8000 Classrooms: Instructor Perspectives on the Active Learning Classroom
Throughout the world, more than 2.5 million students at 650 higher education institutions use Echo360. In total, that adds up to more than 8000 classrooms where Echo360 is used every day.
Students use the Echo360 active learning solutions to watch or review recorded lectures anywhere, anytime. They can take notes and create their own personalized study guides, ask questions and connect with their peers and instructors – all with the goal of becoming an active participant in their own learning and within the learning process.
We know how students use the system. But, what is it like for the instructor? Does active learning technology like Echo360 require anything different of them? Is it easy to use? Do they have to prepare differently for class, or is it business as usual? What insights have they discovered about teaching and learning by using active learning technology?
In this series of articles, called 8000 Classrooms, we ask instructors who use Echo360 those questions and more. During a video shoot, we had the chance to chat about teaching with technology with Associate Teaching Professor Mike Buckholt at Worcester Polytechnic Institute (WPI). Mike has been using the Echo360 system for more than 5 years to teach introductory biology labs and environmental biology courses. In total, Mike teaches about 200 students a year using Echo360. Here are some of the highlights of our conversation.
Why did you decide to use technology like this in your classroom?
Buckholt: My teaching philosophy is to use anything I can that will help students learn. I’m not a technophile, but I like to play with technology when I can. Anytime there is new technology that we could use, I’ve tried to use it. That’s probably the first reason I started using it.
Has using the technology required you to change your teaching style?
Buckholt: No, it’s never required me to change anything. But, it’s allowed me to use lectures to flip the classroom. I have a stockpile of lectures that have been recorded and I incorporated them as a flipped classroom model.
Are students taking advantage of the system?
Buckholt: Any of the [students] I’ve ever talked to, there’s been an overwhelming positive response that it’s there. Students can go back and review [lectures]. They know that it’s there if they need it. They can always go back to it.
Have you seen a drop off in class participation or attendance?
Buckholt: I know from the beginning that was always a question. Other instructors have asked those of us who use it a lot if that’s true. I don’t think I’ve had any drop off at all. I don’t think there is any change in how many students show up for a lecture.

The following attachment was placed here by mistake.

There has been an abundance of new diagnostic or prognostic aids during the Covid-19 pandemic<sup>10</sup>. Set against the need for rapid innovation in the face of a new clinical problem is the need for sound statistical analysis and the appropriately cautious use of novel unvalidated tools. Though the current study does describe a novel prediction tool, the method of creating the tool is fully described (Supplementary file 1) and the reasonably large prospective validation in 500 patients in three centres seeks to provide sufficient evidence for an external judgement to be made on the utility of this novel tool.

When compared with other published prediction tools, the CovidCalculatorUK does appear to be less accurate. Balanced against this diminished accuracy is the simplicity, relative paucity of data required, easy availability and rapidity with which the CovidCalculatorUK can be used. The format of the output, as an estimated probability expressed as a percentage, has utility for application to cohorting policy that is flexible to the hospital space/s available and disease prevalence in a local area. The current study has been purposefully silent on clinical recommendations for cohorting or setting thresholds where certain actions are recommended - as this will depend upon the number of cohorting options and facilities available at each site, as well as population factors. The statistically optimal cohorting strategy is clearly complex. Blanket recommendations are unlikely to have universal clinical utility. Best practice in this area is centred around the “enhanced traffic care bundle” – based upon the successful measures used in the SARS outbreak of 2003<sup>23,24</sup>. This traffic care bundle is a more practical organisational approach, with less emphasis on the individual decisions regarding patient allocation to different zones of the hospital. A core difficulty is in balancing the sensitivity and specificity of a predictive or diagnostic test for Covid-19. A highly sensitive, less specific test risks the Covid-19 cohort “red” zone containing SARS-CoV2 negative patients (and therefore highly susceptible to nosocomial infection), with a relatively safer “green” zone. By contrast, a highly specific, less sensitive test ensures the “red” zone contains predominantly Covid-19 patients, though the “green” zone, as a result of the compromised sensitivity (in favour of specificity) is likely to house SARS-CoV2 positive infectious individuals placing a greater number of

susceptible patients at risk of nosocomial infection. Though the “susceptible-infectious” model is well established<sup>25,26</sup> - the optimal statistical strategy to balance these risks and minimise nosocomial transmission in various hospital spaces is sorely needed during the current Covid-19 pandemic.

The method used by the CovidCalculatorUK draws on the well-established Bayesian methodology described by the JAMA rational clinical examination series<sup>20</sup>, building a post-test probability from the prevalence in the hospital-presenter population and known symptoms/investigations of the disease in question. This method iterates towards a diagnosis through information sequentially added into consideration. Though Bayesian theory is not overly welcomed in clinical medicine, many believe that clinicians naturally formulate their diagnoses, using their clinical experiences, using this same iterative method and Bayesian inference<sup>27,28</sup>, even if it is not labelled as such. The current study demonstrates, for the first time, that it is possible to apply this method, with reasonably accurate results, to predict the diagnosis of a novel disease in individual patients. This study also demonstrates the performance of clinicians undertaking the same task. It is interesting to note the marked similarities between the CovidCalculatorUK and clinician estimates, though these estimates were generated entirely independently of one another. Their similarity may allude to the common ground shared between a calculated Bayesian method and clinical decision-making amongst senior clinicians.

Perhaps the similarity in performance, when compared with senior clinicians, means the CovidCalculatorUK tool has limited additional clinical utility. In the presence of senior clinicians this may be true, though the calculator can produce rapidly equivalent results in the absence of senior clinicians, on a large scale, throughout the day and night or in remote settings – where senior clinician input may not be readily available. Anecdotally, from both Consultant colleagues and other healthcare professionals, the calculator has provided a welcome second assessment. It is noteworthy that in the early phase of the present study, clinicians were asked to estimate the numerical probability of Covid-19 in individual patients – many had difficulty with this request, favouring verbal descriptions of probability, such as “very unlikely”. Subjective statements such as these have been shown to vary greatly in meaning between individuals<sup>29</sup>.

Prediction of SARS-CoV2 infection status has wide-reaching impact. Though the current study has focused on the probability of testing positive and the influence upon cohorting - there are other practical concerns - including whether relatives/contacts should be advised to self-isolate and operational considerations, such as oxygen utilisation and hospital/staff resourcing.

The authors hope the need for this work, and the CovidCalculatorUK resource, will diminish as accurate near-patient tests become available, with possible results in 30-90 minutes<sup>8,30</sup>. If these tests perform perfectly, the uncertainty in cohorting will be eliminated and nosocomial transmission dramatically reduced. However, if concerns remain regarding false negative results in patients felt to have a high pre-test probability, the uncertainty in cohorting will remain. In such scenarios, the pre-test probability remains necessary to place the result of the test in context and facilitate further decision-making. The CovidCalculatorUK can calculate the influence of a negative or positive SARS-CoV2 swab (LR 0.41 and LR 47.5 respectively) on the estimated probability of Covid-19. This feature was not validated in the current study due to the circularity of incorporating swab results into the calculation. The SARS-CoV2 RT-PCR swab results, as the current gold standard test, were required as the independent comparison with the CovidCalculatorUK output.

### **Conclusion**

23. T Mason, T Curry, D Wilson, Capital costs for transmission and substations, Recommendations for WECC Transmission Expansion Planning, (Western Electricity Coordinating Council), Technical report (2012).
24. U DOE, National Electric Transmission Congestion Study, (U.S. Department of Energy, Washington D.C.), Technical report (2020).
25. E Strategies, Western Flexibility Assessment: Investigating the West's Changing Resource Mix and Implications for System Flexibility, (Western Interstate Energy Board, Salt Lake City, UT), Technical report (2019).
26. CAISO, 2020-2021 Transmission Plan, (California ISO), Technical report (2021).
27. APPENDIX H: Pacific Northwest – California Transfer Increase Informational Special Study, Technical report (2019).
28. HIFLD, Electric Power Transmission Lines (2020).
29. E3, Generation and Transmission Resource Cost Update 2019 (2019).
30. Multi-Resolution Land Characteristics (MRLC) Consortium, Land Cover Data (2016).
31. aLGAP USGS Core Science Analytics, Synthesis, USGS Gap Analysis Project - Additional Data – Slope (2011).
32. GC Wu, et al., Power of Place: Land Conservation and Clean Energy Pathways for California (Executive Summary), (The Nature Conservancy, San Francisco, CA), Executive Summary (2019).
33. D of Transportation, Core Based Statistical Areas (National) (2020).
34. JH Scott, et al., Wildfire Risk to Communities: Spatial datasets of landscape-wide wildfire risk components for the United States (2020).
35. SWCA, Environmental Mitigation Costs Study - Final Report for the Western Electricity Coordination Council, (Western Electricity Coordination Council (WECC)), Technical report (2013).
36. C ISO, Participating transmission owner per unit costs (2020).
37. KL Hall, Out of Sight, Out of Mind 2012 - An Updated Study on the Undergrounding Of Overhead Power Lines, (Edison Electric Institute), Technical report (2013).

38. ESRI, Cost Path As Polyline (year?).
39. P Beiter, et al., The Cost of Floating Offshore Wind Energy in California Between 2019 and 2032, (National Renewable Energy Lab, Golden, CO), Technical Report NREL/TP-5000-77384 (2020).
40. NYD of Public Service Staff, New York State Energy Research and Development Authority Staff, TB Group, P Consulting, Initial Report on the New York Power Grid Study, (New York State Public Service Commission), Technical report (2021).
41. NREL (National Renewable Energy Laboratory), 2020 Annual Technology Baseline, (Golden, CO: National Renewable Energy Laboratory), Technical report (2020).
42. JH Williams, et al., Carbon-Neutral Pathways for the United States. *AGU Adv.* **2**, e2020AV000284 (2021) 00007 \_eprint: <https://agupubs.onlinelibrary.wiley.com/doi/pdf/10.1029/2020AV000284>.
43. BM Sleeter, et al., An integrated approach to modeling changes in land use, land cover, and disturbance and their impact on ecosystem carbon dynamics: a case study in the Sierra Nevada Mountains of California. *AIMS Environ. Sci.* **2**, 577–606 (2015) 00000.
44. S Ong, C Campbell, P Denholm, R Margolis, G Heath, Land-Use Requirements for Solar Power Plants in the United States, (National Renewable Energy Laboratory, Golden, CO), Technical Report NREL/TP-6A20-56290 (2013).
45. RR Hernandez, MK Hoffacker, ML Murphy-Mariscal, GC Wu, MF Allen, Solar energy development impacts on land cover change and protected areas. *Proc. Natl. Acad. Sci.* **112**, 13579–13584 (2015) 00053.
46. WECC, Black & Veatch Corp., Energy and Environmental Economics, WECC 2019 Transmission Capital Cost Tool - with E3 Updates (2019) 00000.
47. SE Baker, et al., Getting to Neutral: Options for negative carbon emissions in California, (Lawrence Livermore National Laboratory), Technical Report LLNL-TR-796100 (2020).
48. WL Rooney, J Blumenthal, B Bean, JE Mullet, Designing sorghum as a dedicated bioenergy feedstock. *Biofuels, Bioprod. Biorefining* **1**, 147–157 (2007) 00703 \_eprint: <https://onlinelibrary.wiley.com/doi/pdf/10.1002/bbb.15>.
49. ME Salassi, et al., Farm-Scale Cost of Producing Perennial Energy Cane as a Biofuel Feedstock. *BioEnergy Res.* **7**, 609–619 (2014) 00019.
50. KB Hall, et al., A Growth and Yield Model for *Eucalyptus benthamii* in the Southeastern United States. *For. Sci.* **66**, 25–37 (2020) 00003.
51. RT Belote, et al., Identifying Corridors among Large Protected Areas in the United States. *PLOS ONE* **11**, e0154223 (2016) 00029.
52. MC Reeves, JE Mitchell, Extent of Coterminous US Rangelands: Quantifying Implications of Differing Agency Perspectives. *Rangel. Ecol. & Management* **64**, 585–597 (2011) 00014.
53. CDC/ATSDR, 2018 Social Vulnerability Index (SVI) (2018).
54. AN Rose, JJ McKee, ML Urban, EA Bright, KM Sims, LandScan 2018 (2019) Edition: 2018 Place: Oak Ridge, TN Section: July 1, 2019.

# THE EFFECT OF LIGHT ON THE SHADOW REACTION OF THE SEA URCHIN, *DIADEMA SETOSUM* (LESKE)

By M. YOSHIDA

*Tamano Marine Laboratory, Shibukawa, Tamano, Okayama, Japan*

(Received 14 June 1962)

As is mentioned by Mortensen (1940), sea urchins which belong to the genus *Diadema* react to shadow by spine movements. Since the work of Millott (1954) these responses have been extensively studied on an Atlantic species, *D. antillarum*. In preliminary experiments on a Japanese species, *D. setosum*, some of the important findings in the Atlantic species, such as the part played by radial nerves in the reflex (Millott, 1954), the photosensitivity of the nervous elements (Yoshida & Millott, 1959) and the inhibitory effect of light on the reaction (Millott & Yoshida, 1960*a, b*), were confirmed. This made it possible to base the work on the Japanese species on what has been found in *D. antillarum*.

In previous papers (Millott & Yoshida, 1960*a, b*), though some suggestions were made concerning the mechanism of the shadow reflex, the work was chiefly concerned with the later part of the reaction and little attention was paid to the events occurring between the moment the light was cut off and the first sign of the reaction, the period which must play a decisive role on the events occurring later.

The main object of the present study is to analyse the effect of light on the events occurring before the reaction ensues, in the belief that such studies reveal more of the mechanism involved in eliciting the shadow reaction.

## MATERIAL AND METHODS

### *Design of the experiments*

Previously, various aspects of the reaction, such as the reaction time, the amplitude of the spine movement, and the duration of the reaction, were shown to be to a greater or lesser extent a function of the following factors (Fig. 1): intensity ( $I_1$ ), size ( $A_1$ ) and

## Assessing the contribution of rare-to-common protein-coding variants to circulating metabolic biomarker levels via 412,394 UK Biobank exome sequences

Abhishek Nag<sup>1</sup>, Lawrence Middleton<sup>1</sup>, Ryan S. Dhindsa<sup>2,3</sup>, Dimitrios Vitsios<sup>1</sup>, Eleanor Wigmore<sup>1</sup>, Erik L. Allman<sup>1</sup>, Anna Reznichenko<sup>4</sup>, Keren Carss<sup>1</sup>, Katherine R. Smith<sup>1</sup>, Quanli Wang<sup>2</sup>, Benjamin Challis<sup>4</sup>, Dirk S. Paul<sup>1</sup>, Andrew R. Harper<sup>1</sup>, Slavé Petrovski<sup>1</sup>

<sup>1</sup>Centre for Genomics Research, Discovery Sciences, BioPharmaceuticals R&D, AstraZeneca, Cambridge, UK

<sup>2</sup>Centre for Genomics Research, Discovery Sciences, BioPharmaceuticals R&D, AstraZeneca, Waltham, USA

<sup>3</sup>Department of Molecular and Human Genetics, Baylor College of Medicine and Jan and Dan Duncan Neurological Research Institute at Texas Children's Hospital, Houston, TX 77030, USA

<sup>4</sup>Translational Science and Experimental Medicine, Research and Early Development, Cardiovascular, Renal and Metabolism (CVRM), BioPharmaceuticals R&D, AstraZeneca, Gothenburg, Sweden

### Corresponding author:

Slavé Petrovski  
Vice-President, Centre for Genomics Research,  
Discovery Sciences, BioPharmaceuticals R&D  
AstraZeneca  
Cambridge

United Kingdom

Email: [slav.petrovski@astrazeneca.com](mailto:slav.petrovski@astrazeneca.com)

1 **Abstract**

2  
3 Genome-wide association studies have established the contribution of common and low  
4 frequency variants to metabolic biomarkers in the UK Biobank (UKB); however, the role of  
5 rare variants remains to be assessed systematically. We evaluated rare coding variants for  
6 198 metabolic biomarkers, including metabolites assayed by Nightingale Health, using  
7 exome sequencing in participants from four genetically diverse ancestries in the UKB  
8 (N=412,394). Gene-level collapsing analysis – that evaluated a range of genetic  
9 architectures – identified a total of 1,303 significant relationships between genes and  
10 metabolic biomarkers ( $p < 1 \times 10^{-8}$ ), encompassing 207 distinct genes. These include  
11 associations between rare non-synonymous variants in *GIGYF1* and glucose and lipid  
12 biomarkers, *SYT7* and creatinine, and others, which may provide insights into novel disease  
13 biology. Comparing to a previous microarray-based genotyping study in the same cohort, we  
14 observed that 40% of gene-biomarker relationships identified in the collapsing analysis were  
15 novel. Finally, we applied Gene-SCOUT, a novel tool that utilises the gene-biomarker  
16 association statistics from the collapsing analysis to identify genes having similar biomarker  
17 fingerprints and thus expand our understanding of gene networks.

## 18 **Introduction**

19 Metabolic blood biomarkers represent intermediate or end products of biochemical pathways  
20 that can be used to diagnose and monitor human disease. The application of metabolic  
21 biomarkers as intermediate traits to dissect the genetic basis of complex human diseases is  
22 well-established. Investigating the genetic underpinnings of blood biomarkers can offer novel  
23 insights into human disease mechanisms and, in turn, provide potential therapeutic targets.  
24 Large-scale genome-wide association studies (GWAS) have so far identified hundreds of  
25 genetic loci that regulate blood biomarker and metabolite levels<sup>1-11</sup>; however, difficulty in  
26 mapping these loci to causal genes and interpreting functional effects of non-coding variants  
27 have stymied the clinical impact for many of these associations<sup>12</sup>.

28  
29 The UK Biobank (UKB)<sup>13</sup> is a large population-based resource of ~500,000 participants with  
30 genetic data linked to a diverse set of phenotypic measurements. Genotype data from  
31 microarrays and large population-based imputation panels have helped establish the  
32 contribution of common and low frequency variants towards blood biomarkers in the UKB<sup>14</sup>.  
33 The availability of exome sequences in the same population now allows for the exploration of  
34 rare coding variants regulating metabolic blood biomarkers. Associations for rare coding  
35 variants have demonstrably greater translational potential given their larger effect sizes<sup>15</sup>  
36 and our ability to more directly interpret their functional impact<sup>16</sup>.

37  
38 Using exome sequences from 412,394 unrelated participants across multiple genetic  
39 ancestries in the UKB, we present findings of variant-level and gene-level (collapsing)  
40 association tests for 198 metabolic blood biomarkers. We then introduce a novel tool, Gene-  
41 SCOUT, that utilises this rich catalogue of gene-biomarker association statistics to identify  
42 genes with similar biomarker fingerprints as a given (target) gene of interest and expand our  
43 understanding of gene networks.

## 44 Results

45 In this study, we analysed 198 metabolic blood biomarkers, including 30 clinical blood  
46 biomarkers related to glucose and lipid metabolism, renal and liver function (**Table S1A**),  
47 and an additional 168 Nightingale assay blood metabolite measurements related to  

What would you say about the system to a professor who doesn’t embrace technology?
Buckholt: The first thing I would say is that it doesn’t take any effort on your part. We need to cater to, as much as possible, to any different learning style or preference students might have. I think the important thing is to give them some other way to get the material. If they are not the kind of student who learns well by sitting and staring at me in front of the classroom and hurriedly taking notes, this gives them another way. And, they can do it at their leisure, or when they feel most comfortable. It also gives [students] a way to go back and review, . . . review with you, in a way that they wouldn’t normally get to do.
Some say technology could bring an end to brick and mortar schools. What’s your take on that?
Buckholt: With technology, students can review stuff outside of the classroom, and what you do face-to-face would be things that are more interactive and reinforcing, and they can really ask questions. From most of the data I’ve seen, it really looks like people retain more and learn better if there’s some face-to-face component. It seems to me that there’s going to be room for both.
Discover how Mike and his colleagues at WPI are using lecture capture and other active learning methods to accomodate diverse learning styles at their institution in this article from Higher Ed Tech Decisions.
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